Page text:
Vitamin B9 (folate or folic acid), is a water-soluble B vitamin formulated from triamine hydro-chloride. Good sources of folate include: green leafy vegetables, garbanzo beans, lentils, spinach, orange juice, and fortified foods (cereals, breads, spaghetti).1 The 100% Daily Value for folate (based on a 2000 kcal diet) is 400 mcg (µg).The 100% Daily Value for pregnant or lactating women is 600 μg, effective as of July 26, 2018.8

Forms

  • Folic Acid: Folic acid is one of the many forms of Vitamin B9. Folic acid is more bioavailable than food folate because folic acid delivers twice as much Vitamin B9 than food folate (0.5 µg of folic acid supplement or fortified food = 1 µg of food folate).3

Major Health Benefits

Vitamin B9 (Folate) is involved in amino acid synthesis and metabolism and plays an important role in the synthesis of compounds needed for the formation of genetic materials (RNA and DNA) that are essential to cell division. Folate also plays an important role in maintaining normal homocysteine levels, psychological function, and immune system.4,5 Folate is also essential for maternal tissue growth (e.g., mother’s red blood cell mass, placenta, uterus, and breasts) as well as fetal tissue growth during pregnancy.4 Adequate intake of folic acid during pregnancy may prevent birth defects (e.g., neural tube defects, such as spinal bifida) as well as fatigue, weakness and shortness of breath (megaloblastic anemia).6

Cautions

The recommended maximum consumption of Folate per day is 1000 µg3. Excess intake of Folate may increase risk of neurological damage to individuals with a Vitamin B12 deficiency7.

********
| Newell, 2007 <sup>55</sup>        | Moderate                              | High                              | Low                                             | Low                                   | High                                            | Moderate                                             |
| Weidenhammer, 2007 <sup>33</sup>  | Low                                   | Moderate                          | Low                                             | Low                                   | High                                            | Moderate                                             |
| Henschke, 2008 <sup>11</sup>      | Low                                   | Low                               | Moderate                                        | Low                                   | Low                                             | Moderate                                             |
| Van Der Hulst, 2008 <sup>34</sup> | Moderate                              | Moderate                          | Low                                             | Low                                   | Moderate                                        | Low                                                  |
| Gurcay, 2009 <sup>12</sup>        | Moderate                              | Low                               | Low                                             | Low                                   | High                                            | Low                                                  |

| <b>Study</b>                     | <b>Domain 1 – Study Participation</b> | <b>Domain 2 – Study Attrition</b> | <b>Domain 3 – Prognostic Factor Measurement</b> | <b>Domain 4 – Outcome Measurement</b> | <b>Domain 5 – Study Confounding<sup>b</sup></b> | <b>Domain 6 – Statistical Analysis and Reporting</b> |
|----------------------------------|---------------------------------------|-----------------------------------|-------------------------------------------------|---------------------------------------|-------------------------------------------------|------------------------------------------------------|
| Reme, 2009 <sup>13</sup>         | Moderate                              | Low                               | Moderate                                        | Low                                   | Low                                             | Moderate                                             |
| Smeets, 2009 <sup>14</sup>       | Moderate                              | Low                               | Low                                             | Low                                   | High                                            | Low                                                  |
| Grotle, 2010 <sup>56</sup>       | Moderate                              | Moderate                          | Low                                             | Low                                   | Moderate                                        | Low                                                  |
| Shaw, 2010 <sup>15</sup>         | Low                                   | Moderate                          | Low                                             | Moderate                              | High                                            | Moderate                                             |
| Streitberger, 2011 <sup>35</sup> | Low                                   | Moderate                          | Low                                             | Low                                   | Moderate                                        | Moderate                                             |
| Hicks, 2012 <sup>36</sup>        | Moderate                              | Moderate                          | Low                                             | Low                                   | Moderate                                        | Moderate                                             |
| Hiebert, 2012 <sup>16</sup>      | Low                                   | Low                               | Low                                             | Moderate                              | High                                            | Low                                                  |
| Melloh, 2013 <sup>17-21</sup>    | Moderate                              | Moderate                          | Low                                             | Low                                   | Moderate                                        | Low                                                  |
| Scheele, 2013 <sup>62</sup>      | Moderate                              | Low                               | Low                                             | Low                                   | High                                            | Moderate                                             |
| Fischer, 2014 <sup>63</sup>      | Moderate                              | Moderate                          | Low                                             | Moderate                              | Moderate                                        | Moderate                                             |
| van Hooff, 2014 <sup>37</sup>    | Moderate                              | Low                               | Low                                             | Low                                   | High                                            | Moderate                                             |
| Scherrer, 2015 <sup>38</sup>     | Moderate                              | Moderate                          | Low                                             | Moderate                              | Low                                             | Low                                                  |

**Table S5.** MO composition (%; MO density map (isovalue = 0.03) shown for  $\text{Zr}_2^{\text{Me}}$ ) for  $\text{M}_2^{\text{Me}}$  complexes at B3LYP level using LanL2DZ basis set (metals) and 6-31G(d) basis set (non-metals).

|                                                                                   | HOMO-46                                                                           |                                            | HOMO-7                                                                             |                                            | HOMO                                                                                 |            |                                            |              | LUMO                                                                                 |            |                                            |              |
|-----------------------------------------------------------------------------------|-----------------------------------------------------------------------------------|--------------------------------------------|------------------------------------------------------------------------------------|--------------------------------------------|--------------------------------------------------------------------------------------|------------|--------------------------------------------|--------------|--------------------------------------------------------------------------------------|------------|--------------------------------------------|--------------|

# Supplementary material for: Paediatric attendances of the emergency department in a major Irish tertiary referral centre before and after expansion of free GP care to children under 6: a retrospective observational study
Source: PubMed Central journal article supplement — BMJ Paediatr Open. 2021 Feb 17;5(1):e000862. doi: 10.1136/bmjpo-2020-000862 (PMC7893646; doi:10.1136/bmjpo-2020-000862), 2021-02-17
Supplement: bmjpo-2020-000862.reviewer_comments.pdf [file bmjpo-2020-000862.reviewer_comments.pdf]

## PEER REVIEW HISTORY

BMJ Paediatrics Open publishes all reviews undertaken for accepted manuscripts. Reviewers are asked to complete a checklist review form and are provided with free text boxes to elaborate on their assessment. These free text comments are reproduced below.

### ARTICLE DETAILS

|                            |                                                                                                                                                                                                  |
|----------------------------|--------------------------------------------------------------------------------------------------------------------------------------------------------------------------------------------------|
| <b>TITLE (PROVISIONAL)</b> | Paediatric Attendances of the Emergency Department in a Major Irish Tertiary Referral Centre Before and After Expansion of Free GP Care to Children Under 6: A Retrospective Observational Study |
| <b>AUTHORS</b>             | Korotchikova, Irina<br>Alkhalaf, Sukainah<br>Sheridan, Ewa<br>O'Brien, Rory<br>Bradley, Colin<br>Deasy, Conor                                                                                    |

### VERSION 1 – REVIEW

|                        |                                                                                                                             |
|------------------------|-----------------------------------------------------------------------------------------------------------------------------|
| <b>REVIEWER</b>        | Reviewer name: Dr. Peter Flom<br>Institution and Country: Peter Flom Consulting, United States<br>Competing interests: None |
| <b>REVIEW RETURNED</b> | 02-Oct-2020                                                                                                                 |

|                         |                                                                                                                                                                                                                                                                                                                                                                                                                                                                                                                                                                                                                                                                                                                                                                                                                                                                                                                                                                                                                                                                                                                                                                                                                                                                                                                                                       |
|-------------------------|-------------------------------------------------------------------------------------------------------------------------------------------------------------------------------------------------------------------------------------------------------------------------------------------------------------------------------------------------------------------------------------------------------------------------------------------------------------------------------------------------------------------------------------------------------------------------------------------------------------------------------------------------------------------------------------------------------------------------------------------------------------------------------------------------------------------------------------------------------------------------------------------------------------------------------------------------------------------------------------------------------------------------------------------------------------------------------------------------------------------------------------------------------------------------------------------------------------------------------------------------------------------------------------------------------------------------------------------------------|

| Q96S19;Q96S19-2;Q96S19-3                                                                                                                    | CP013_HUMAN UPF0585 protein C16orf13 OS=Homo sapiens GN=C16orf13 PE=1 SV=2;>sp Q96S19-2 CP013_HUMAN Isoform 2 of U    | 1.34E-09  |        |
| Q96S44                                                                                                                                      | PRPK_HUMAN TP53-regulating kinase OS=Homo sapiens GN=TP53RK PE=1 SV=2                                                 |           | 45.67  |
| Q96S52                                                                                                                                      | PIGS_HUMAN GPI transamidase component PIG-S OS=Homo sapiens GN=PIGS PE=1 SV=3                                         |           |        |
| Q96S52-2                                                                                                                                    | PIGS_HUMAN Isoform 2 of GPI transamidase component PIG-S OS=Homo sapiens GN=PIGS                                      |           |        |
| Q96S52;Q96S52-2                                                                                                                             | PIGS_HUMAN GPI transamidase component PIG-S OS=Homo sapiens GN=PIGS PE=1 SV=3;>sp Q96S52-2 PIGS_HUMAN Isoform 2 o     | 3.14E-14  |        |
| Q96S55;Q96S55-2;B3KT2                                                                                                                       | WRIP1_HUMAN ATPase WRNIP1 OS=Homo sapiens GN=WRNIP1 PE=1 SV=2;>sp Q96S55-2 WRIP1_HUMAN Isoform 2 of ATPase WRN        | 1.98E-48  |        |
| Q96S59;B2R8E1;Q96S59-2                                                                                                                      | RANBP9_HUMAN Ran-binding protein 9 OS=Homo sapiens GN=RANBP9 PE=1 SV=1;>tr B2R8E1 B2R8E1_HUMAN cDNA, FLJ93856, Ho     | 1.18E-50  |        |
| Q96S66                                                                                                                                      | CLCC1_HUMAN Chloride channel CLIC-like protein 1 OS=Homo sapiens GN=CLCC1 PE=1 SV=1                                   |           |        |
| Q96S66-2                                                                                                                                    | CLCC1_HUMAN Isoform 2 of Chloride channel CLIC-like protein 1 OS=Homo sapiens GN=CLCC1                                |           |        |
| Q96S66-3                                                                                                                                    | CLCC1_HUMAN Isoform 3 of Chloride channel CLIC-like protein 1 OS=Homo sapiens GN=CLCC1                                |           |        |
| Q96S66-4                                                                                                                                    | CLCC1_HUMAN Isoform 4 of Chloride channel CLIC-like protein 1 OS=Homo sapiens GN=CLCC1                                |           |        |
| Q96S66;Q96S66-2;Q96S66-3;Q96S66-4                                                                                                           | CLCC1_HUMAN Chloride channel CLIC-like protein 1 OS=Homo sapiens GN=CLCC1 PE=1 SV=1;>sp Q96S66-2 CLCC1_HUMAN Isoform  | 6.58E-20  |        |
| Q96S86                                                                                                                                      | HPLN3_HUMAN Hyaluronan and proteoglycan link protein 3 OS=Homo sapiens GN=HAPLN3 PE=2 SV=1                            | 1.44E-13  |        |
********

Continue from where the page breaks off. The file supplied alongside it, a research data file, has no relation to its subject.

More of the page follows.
References

  1. Higdon, J. Folate. Linus Pauling Institute, Oregon State University. 2000. (Reviewed by McNulty, H in 2014) (Food Sources) http://lpi.oregonstate.edu/mic/vitamins/folate Accessed 7/2015.
  2. US Food and Drug Administration. Guidance for Industry: A Food Labeling Guide (14. Appendix F: Calculate the Percent Daily Value for the Appropriate Nutrients). US Department of Health and Human Services. 2013 January.
  3. Food and Nutrition Board, Institute of Medicine. Folate. Dietary Reference Intakes: Thiamin, Riboflavin, Niacin, Vitamin B6, Vitamin B12, Pantothenic Acid, Biotin, Choline. Washington D.C.: National Academy Press; 1998: 87-122 (pp. 196)
  4. European Food Safety Authority.Scientific Opinion on the substantiation of health claims related to folate and blood formation, homocysteine metabolism, energy-yielding metabolism, function of the immune system, function of blood vessels, cell division, and maternal tissue growth during pregnancy. EFSA Journal 2009;7(9):1213.
  5. European Food Safety Authority.Scientific Opinion on the substantiation of health claims related to folate and contribution to normal psychological functions, maintenance of normal vision, reduction of tiredness and fatigue, cell division, and contribution to normal amino acid synthesis. EFSA Journal 2010;8(10): 1760.
  6. Food and Nutrition Board, Institute of Medicine. Folate. Dietary Reference Intakes: Thiamin, Riboflavin, Niacin, Vitamin B6, Vitamin B12, Pantothenic Acid, Biotin, Choline. Washington D.C.: National Academy Press; 1998: 87-122 (pp. 200/205)
  7. Food and Nutrition Board, Institute of Medicine. Folate. Dietary Reference Intakes: Thiamin, Riboflavin, Niacin, Vitamin B6, Vitamin B12, Pantothenic Acid, Biotin, Choline. Washington D.C.: National Academy Press; 1998: 87-122 (pp.273)
  8. US Food and Drug Administration. Food Labeling: Revision of the Nutrition and Supplement Facts Labels. US Department of Health and Human Services. Federal Register / Vol. 81, No. 103, p. 33982 / May 27, 2016. https://www.gpo.gov/fdsys/pkg/FR-2016-05-27/pdf/2016-11867.pdf